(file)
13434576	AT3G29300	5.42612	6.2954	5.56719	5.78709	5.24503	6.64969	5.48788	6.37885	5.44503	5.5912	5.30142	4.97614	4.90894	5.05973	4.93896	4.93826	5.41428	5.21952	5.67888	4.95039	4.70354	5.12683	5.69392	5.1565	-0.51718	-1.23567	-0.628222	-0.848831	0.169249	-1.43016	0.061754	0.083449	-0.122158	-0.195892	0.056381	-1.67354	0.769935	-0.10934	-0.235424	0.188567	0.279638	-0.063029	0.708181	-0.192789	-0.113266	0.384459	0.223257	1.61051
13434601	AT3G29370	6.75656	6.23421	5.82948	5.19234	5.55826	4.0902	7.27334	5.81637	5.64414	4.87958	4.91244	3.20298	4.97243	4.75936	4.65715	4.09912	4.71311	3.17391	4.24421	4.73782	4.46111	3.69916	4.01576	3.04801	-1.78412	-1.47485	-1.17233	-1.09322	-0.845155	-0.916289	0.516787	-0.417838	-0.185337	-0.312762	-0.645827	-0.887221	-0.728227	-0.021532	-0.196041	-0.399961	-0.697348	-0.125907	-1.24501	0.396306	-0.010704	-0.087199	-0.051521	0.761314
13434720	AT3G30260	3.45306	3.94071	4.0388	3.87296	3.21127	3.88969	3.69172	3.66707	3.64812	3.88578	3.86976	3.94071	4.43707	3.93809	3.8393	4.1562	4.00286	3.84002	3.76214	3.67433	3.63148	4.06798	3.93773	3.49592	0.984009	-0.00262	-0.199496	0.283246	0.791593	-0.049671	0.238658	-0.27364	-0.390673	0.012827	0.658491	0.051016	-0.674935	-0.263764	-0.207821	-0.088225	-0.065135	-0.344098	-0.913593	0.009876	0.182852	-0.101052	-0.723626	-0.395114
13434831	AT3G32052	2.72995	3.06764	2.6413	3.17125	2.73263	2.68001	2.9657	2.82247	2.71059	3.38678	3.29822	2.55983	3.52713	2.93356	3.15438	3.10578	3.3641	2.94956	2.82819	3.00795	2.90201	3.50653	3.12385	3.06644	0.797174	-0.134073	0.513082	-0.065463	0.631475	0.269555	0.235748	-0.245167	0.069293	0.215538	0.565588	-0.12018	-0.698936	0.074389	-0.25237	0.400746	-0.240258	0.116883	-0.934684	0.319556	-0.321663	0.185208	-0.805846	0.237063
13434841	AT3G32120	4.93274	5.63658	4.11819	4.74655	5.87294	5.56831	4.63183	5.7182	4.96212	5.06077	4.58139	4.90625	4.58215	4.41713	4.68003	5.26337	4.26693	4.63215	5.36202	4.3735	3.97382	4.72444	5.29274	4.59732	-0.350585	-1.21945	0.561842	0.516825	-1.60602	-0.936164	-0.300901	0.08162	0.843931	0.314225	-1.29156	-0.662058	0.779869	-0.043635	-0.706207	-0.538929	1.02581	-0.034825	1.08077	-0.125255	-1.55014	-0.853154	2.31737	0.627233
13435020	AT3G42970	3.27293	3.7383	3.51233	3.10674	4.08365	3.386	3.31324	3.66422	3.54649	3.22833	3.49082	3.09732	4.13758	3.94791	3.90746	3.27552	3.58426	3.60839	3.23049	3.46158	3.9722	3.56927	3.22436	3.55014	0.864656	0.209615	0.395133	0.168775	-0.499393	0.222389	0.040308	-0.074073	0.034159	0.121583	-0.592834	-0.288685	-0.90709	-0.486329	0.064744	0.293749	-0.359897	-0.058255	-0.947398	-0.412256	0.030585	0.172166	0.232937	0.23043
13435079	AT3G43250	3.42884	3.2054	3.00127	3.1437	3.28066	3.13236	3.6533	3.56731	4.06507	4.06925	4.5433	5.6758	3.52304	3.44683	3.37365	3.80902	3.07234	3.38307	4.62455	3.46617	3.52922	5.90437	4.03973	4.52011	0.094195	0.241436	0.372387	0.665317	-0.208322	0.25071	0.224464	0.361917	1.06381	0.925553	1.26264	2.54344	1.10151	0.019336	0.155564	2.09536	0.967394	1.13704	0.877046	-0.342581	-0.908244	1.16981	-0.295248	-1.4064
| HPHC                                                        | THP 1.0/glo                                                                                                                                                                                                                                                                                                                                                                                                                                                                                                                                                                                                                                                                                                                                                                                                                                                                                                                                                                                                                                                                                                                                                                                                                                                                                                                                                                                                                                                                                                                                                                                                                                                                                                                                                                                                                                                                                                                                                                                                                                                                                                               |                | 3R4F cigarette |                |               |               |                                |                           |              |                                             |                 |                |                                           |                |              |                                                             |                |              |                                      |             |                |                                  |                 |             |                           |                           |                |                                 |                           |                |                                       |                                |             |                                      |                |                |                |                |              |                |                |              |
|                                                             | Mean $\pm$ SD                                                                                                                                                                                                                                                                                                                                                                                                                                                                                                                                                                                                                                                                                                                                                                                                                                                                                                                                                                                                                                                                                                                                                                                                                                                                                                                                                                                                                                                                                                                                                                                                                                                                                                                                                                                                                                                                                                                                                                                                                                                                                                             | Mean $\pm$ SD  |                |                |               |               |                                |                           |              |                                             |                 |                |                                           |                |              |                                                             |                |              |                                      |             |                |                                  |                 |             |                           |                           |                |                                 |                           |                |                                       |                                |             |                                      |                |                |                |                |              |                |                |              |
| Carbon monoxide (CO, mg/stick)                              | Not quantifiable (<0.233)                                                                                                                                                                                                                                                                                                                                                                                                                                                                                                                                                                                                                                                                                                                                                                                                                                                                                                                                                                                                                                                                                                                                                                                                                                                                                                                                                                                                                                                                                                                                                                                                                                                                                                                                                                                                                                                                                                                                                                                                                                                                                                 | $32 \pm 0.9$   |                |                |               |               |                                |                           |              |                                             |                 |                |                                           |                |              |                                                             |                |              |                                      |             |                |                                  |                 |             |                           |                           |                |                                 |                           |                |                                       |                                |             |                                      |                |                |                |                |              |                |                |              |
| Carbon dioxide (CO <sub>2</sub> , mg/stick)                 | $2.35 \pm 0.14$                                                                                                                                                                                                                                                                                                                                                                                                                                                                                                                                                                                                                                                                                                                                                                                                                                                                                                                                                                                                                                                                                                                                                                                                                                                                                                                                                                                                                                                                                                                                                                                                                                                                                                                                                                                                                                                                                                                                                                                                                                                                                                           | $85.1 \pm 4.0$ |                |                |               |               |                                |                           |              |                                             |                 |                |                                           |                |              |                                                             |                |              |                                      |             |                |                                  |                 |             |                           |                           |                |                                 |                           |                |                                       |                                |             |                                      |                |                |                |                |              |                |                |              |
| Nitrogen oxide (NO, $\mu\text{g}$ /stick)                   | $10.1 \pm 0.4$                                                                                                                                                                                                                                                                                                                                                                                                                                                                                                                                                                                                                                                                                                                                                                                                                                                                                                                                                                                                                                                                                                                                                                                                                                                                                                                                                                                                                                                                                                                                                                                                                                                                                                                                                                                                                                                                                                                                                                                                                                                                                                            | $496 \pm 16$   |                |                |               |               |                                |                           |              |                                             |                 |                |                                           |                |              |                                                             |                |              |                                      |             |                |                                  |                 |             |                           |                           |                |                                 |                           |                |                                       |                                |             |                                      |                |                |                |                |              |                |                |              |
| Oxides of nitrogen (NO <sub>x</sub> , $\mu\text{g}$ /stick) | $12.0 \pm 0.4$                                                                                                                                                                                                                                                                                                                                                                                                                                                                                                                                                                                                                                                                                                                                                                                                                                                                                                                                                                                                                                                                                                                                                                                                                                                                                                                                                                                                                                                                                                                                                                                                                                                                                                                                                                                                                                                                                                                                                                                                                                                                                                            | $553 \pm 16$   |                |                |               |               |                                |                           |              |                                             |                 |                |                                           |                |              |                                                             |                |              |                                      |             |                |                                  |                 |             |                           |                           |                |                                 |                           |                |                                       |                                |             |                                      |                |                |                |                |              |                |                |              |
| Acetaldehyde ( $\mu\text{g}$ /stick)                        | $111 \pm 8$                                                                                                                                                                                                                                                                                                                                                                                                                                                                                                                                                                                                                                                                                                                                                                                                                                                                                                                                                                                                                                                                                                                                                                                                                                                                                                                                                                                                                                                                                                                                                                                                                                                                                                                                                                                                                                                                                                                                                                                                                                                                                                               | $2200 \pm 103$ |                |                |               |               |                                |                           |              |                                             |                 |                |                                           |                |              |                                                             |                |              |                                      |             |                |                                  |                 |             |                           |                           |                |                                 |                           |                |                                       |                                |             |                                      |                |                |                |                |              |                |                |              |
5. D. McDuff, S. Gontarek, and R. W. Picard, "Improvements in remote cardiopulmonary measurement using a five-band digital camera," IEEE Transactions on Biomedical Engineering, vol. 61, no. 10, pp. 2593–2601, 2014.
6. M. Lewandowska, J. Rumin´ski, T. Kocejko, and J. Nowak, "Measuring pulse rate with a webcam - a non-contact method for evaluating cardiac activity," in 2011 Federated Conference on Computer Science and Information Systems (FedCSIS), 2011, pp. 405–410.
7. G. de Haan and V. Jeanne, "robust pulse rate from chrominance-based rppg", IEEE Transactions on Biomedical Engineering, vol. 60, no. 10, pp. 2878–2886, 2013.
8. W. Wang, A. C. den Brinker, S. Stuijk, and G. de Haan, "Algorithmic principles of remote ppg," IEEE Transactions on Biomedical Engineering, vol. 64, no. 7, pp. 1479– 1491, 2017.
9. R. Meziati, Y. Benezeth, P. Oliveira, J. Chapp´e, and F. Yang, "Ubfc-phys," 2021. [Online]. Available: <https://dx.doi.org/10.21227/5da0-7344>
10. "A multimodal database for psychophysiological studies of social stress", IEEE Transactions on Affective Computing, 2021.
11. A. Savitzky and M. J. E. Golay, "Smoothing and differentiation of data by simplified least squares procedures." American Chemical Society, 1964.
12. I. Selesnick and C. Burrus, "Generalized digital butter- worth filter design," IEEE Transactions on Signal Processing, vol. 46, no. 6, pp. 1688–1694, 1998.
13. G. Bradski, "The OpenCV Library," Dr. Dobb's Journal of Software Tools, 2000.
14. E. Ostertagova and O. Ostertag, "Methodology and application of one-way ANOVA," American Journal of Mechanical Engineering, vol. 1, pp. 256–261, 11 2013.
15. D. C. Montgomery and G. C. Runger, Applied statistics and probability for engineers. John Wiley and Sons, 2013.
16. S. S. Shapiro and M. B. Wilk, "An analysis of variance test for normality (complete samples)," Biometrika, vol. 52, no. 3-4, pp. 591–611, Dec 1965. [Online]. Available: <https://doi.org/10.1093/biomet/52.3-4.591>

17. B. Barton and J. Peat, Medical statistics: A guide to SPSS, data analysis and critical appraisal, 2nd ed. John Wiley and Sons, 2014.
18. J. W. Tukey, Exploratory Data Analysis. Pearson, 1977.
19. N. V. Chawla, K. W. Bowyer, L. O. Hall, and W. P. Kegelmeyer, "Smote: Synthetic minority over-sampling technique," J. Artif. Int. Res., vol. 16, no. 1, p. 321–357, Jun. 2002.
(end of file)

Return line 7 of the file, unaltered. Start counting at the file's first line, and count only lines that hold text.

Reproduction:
13435079	AT3G43250	3.42884	3.2054	3.00127	3.1437	3.28066	3.13236	3.6533	3.56731	4.06507	4.06925	4.5433	5.6758	3.52304	3.44683	3.37365	3.80902	3.07234	3.38307	4.62455	3.46617	3.52922	5.90437	4.03973	4.52011	0.094195	0.241436	0.372387	0.665317	-0.208322	0.25071	0.224464	0.361917	1.06381	0.925553	1.26264	2.54344	1.10151	0.019336	0.155564	2.09536	0.967394	1.13704	0.877046	-0.342581	-0.908244	1.16981	-0.295248	-1.4064